REUTERS | Gilles Adt

Whether it’s the electric motor to the combustion engine or cryptocurrency to currencies, every industry seems to have a disruptor – perhaps we’ve found one in FIDIC for the construction industry and its re-imagining of the use of liquidated damages (LDs) in the soon-to-be published Green Book.

The special pre-release version of the new edition Green Book was revealed to delegates at the virtual FIDIC 2020 International Contract Users’ Event. The Green Book is for relatively small value projects – the World Bank recommends its use in projects valued up to US$10m (FIDIC itself sets no upper-limit). The key provisions of the Green Book, together with other exciting announcements from FIDIC are summarised in my colleague, Natalie Wardle’s, excellent blog, FIDIC contracts – a preview of what is to come.

The new edition introduces LDs to compensate the contractor for employer culpable delay alongside traditional “delay damages” to compensate the employer for contractor culpable delay. Should we now expect to see as commonplace LDs for, as FIDIC put it, “Prolongation Costs”? Continue reading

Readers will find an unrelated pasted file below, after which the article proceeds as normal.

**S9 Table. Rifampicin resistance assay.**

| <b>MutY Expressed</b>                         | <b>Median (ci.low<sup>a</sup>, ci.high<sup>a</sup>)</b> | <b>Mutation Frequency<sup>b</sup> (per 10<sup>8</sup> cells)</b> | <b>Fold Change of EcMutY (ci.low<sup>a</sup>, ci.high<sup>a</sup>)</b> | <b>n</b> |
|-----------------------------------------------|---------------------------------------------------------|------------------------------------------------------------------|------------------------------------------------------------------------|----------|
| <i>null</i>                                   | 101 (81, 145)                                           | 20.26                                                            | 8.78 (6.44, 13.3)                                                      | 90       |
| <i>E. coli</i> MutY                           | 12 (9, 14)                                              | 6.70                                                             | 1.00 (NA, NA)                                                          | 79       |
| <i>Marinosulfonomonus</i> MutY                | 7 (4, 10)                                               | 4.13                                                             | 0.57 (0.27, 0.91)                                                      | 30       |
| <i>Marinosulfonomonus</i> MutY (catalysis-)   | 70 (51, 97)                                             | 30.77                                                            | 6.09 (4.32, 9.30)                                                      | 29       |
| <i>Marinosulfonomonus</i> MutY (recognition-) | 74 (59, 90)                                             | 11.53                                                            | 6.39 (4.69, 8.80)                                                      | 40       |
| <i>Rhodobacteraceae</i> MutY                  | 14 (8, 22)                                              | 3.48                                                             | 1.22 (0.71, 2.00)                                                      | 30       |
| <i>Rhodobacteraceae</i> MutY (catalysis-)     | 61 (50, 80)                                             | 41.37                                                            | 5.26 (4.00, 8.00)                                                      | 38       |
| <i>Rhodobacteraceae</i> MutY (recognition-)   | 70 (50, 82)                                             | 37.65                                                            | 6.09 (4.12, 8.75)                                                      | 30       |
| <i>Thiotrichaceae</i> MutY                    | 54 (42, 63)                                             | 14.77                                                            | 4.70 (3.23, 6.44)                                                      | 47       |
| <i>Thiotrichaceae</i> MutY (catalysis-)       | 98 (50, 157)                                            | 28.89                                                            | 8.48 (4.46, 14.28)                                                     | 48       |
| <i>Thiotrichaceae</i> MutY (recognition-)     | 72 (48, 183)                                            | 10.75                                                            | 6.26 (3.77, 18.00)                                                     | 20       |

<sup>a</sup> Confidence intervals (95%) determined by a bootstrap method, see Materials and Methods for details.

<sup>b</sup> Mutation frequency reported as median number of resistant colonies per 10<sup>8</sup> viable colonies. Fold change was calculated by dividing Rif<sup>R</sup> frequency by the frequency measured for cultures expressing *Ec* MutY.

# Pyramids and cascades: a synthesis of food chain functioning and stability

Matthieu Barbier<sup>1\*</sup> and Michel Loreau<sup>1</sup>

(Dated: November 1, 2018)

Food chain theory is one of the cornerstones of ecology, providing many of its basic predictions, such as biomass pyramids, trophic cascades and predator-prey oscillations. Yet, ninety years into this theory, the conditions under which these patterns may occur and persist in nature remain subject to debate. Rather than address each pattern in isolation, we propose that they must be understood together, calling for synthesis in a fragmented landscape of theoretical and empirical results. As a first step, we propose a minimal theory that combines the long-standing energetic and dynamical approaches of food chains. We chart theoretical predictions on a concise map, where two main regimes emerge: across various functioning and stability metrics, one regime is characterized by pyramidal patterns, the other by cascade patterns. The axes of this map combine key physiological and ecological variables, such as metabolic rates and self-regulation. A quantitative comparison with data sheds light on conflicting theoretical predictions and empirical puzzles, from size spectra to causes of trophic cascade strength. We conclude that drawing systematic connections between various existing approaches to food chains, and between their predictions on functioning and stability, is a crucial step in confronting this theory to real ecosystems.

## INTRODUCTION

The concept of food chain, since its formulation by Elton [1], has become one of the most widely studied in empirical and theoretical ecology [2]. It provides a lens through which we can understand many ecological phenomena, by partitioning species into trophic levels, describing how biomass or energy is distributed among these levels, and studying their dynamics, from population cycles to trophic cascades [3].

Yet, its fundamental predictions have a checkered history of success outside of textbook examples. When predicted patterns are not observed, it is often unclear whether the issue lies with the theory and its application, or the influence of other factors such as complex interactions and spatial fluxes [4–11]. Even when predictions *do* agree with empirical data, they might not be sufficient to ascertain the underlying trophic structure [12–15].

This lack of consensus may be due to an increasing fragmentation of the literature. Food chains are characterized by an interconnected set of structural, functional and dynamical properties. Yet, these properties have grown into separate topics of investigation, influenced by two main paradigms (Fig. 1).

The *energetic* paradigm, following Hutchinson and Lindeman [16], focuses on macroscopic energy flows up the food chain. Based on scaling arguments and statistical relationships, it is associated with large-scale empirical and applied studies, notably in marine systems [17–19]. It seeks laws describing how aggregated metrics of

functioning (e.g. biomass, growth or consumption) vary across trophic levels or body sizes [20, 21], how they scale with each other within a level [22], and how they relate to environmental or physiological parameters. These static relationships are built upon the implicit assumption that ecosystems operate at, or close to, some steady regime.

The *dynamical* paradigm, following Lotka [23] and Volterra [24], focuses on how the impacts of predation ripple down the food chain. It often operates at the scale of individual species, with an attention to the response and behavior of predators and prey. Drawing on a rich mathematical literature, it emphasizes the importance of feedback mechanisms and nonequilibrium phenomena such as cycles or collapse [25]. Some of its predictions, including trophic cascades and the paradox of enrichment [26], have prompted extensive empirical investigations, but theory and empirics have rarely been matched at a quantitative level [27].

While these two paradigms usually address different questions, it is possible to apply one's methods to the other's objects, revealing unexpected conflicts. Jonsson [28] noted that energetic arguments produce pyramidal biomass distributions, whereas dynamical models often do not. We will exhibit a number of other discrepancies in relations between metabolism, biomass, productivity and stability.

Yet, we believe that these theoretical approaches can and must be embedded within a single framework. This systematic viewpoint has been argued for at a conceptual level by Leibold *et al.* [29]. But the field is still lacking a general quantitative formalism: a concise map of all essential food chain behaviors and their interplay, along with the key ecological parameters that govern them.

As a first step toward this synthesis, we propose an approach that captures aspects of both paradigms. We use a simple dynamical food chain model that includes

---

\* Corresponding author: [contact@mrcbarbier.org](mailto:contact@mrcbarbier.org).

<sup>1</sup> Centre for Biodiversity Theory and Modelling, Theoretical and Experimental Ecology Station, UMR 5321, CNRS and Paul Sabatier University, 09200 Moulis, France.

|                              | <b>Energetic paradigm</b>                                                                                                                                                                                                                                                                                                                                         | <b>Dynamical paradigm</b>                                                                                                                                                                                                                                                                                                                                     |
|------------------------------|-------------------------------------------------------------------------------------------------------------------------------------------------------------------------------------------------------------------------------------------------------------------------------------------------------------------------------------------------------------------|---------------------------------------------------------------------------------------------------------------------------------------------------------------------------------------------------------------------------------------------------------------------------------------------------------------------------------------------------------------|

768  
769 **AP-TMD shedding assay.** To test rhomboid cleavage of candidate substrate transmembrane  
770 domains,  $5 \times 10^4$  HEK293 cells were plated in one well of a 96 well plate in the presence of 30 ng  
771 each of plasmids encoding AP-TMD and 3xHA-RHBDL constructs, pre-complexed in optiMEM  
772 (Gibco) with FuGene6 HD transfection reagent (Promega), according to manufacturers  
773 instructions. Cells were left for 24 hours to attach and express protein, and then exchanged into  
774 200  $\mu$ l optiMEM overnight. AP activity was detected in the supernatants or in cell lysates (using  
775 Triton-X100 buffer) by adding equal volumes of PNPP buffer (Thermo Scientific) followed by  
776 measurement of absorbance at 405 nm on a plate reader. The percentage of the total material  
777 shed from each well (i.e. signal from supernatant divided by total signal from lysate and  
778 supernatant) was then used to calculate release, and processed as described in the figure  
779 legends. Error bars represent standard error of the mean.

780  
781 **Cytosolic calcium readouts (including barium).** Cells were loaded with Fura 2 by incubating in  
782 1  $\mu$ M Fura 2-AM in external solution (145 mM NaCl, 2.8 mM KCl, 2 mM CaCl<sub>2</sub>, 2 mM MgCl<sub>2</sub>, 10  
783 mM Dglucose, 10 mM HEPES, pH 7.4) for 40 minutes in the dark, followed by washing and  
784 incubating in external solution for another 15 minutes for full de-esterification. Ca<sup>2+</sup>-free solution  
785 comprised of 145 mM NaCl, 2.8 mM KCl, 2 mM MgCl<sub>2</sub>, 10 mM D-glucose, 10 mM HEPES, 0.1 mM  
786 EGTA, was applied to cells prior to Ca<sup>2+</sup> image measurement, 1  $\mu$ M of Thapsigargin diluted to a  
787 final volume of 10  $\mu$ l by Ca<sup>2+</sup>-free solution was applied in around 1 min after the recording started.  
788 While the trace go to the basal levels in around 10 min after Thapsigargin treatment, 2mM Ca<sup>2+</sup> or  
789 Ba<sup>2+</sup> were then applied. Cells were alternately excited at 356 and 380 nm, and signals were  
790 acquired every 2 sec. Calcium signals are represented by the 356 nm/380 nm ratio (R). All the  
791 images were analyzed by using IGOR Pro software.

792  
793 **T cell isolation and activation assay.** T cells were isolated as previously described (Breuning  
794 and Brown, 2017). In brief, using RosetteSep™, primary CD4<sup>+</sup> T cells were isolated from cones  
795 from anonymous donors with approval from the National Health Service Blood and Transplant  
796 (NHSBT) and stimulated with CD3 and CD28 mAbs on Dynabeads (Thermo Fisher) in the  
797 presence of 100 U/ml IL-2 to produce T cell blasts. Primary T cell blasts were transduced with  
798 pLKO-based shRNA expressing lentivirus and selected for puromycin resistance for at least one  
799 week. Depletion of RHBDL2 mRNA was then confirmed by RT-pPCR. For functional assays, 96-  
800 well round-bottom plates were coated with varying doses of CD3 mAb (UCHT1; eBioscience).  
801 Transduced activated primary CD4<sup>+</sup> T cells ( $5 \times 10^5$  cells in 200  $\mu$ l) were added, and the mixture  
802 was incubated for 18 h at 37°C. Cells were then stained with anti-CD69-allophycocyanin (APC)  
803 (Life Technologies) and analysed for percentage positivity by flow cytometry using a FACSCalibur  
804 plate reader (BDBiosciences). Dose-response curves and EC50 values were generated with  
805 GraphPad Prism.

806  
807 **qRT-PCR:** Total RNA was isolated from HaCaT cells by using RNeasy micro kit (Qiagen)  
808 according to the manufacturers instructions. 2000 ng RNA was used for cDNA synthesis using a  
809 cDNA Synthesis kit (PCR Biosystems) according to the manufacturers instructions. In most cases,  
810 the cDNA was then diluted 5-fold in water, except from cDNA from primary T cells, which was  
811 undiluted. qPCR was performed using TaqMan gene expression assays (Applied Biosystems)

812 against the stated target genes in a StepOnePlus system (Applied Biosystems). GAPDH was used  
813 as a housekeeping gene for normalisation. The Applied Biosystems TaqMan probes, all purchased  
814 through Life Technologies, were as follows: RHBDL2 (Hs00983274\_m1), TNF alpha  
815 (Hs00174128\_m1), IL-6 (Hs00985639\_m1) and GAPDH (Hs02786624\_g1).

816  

REUTERS | Heinz-Peter Bader

COVID-19 opened the eyes of many to full-time working from home. Yet absent the integrated hubs that occupational premises provide, the prospect of assembling, distributing and executing legal agreements in hard copy has become taxing. Unsurprisingly, businesses have sought electronic alternatives.

E-signature platforms have boomed, as have virtual signings. The first category can be poorly optimised for the construction industry. That’s because major projects necessitate a large number of agreements, while works contracts can run to thousands of pages. These contexts are not particularly catered for by software providers, which can make the task cumbersome. The penchant for contracts to be made as deeds with a limitation period of 12 years, as opposed to six (together with the formalities this entails), adds to the difficulty.

Where a vital deed must be concluded in short order, proceeding through a virtual signing can be appealing. In an era of social distancing, however, it can lead to situations in which “split execution” occurs. Continue reading

REUTERS | Fadi Al-Assaad

Managing and securing the cash flow of any business enterprise is of paramount importance, and contracting parties in the construction industry are no exception to this. If regular cashflow from the main contractor to its subcontractors and the supply chain is disrupted, parties to the project may soon find themselves in difficulty. The purpose of a conditional payment clause is to help a main contractor guard against a cash flow “crunch” by making the downstream payment obligation conditional on receipt of payment from the upstream party.